01 May 2023

Three Howard families in
Lichfield and their links
with Comberford Hall

Dean Henry Howard’s tomb in the south choir aisle in Lichfield Cathedral … the work of Sir George Gilbert Scott and HH Armstead (Photograph: Patrick Comerford, 2023)

Patrick Comerford

While I was in Lichfield Cathedral last week, I was struck by the number of monuments to members of various Howard families, and wondered whether they were related to the Howard family who owned Comberford Hall in the 19th century. As today (1 May) is also Staffordshire, I thought it might be interesting to try to disentangle the three branches of the three Howard families in and near Lichfield and Tamworth, and to ask whether they were related.

Charles Howard (1707-1771) was a school friend of Dr Samuel Johnson. He was a proctor in the consistory court of Lichfield, and lived at No 19 in the Cathedral Close, now Bistro 19. There he improved the garden behind the house with a grotto of shells and fossils.

Charles Howard and his wife Penelope (née Foley) were the parents of Mary ‘Polly’ Howard who married Erasmus Darwin in Saint Mary’s Church, Lichfield, in 1757. Polly died on 30 June 1770 and her funeral took place in Lichfield Cathedral. Her grandson was the naturalist Charles Darwin (1809-1882).

Charles Howard’s monument can be seen in the south choir aisle in Lichfield Cathedral.

Charles Howard’s monument in the south choir aisle in Lichfield Cathedral (Photograph: Patrick Comerford, 2023)

The Very Revd Henry Edward John Howard (1795-1868) was the Dean of Lichfield from 1833 to 1868. He had a prominent role in the restoration of Lichfield Cathedral by the architect Sir George Gilbert Scott (1811-1878) and laid the foundations for Lichfield Theological College.

Dean Howard’s tomb is also in the south choir aisle in Lichfield Cathedral. This tomb includes a white marble recumbent effigy with an ornate Gothic canopy behind. It was designed by Sir George Gilbert Scott and is the work of the sculptor HH Armstead (1828-1905) in 1872. A figure at one end of the canopy holds a chalice. On the side of the tomb chest are carved symbols of the Passion, including spears, sponges dipped in vinegar, the crown of thorns, the garment and dice, and the cross and a ladder.
Charles Howard improved the garden behind No 19 in the Cathedral Close in Lichfield with a grotto of shells and fossils (Photograph: Patrick Comerford, 2023)

I have found it difficult to trace the origins of Charles Howard and his family in Lichfield, tracing his branch back only two or three generations to a George Howard who died in 1734.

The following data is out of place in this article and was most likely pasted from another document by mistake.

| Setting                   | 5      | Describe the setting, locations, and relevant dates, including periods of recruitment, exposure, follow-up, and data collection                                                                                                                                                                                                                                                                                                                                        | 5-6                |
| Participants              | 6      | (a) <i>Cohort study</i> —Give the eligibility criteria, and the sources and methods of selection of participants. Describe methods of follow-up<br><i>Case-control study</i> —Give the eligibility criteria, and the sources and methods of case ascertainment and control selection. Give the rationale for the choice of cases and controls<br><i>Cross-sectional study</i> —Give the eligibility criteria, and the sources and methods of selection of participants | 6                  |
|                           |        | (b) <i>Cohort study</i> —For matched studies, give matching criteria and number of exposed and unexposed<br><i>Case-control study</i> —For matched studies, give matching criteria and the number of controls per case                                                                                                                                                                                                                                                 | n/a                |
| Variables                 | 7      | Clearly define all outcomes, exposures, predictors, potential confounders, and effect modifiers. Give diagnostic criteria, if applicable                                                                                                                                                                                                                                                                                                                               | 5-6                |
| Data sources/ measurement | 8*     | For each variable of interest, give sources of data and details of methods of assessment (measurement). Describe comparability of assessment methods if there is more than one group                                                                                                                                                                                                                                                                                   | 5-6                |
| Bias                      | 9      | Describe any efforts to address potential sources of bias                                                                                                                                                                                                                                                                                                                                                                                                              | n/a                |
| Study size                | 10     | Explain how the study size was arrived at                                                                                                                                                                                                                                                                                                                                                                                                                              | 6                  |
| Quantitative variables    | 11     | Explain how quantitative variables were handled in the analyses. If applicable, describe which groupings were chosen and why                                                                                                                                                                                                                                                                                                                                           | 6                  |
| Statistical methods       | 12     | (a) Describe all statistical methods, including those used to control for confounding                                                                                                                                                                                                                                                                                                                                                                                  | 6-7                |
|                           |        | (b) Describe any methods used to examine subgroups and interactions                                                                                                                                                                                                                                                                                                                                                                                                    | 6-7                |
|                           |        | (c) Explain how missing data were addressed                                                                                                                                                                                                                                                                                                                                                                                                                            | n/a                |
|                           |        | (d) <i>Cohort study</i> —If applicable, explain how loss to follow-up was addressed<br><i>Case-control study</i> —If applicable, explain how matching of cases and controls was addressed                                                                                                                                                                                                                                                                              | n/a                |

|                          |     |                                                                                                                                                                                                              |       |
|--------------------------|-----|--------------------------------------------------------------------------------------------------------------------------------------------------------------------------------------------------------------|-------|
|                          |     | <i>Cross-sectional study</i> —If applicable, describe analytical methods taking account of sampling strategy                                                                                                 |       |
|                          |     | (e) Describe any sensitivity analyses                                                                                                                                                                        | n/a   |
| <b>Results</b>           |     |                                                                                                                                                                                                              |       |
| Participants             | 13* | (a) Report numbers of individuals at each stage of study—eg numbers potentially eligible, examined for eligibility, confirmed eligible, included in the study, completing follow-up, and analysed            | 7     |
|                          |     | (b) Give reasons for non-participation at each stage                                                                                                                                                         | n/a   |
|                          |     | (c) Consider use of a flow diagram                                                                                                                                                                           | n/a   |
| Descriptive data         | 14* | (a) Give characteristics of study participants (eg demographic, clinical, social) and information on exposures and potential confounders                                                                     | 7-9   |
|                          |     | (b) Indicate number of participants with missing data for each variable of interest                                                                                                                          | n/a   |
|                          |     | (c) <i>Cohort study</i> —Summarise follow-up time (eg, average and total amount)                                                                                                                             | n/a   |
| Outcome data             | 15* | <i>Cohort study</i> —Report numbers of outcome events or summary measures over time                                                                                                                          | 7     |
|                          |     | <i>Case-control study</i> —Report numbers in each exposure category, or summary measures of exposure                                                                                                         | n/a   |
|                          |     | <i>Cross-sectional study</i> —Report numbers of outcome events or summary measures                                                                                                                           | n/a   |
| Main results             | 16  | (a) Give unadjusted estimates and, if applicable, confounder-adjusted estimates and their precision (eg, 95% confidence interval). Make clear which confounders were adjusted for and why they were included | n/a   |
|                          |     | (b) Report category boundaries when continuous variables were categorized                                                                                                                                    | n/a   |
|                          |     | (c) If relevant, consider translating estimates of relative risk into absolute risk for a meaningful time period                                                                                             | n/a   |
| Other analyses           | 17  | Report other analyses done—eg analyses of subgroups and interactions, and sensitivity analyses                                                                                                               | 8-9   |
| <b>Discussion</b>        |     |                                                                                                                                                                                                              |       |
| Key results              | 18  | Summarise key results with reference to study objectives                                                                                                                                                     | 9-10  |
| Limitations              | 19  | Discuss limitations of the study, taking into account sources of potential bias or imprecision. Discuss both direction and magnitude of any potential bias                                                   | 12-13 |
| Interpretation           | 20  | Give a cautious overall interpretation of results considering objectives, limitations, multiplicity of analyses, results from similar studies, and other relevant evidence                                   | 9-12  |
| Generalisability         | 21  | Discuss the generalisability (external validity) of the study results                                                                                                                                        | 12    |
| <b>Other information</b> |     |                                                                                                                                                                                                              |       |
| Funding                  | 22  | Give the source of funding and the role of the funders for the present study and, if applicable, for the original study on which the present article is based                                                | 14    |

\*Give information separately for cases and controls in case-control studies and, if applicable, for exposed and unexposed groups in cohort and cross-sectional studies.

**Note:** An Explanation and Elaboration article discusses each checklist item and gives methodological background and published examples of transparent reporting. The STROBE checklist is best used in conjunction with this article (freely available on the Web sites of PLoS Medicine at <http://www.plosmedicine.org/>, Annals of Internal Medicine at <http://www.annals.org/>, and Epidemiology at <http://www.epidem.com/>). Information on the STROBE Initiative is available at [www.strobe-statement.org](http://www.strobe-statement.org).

On the other hand, Dean Henry Howard was a member of the Howard family who owned Castle Howard for generations. He was descended through his father, Frederick Howard (1748-1825), 5th Earl of Carlisle, from the Dukes of Norfolk. His brother, George William Frederick Howard (1802-1864), 7th Earl of Carlisle, was Chief Secretary of Ireland (1835-1841) and Lord Lieutenant of Ireland (1855-1858), while another brother, the Revd William George Howard (1808-1889), 8th Earl of Carlisle, was also a priest in the Church of England. George James Howard (1843-1911), 9th Earl of Carlisle, was a Pre-Raphaelite artist, and a trustee of the National Gallery.

Their ancestor, Charles Howard (1629-1683), 1st Earl of Carlisle, was a distant (third cousin) of Craven Howard (1649-1700), of Elford Hall, east of Lichfield and north of Tamworth, who was the direct ancestor of the Howard family who came to own Comberford Hall in the early 19th century.

Elford Hall was owned by the Howard family and their descendants from 1684 until 1935

Craven Howard was descended from a branch of the Howard family who held the titles of Earl of Suffolk and Earl of Berkshire, but his imprudence and litigiousness led him to squander many of his advantages. His first wife, Anne Ogle, was a maid of honour to Queen Catherine of Braganza, but was described as an ‘ancient maid’ of ‘no fortune.’

Craven Howard’s second wife, Mary Bowes, inherited of Elford Hall when her brother Richard Bowes died in 1661. When she married Craven Howard in 1684, he immediately became the Master of Elford Hall, and when he died on 7 June 1700 he was buried at Elford. Elford Hall remained in various branches of his family until 1935.

Craven Howard’s son, Henry Bowes Howard (1687-1757), succeeded as 4th Earl of Berkshire in 1706 and as 11th Earl of Suffolk in 1745. For a brief period, he was the Recorder of Lichfield (1755-1757).

Henry’s son, William Howard (1714-1756), was known as Viscount Wendover, and married Lady Mary Finch. Elford Hall was eventually inherited by their daughter, the Hon Frances Howard, who married Richard Bagot (1733-1819), who changed his name to Richard Howard. He was a son of Sir Walter Wagstaffe Bagot (1702-1768) of Blithfield, and Lady Barbara Legge, daughter of William Legge, 1st Earl of Dartmouth.

Richard Howard (1733-1819) became the proprietor of Comberford Hall in 1808 (Staffordshire County Buildings Picture Collection)

Richard Bagot or Richard Howard (1733-1819), trained as a lawyer, but in 1761-63 went on a diplomatic mission to Italy with his friend the Earl of Northampton, to go to Italy, and they took with him the 16-year-old aspiring architect James Wyatt, whose family came from Weeford near Lichfield. Richard was 50 in 1783 when he married the heiress Frances Howard in 1783. Her vast inheritance Elford Hall, near Lichfield and Tamworth, as well as Ashtead Park, Surrey, Levens Hall, and Castle Rising, Norfolk.

Richard Howard and in 1808 he added to this portfolio in 1808 when he acquired the Fisherwick estate in Staffordshire, which adjoined Elford.

But, how did Richard Howard come to acquire Comberford Hall?

Richard Howard acquired Comberford Hall in 1808-1809

Viscount Weymouth – who was soon to become the 1st Marquis of Bath – and his son, the Hon Thomas Thynne, sold the Manors of Comberford and Wigginton, including lands in Hopwas and Coton, to Arthur Chichester (1739-1799), 5th Earl of Donegall and later 1st Marquess of Donegall, on 1 August 1789.

Within a year, Lord Donegall had raised £20,000 from the banker Henry Hoare, using the Manors and Lands of Comberford and Wigginton as collateral security. Lord Donegall is said to have rebuilt Comberford Hall. Eventually, however, the Chichester family, crippled by the gambling debts of a profligate son, found it impossible to pay off this loan, and was forced to sell Comberford Hall and the manorial rights and lands that went with it.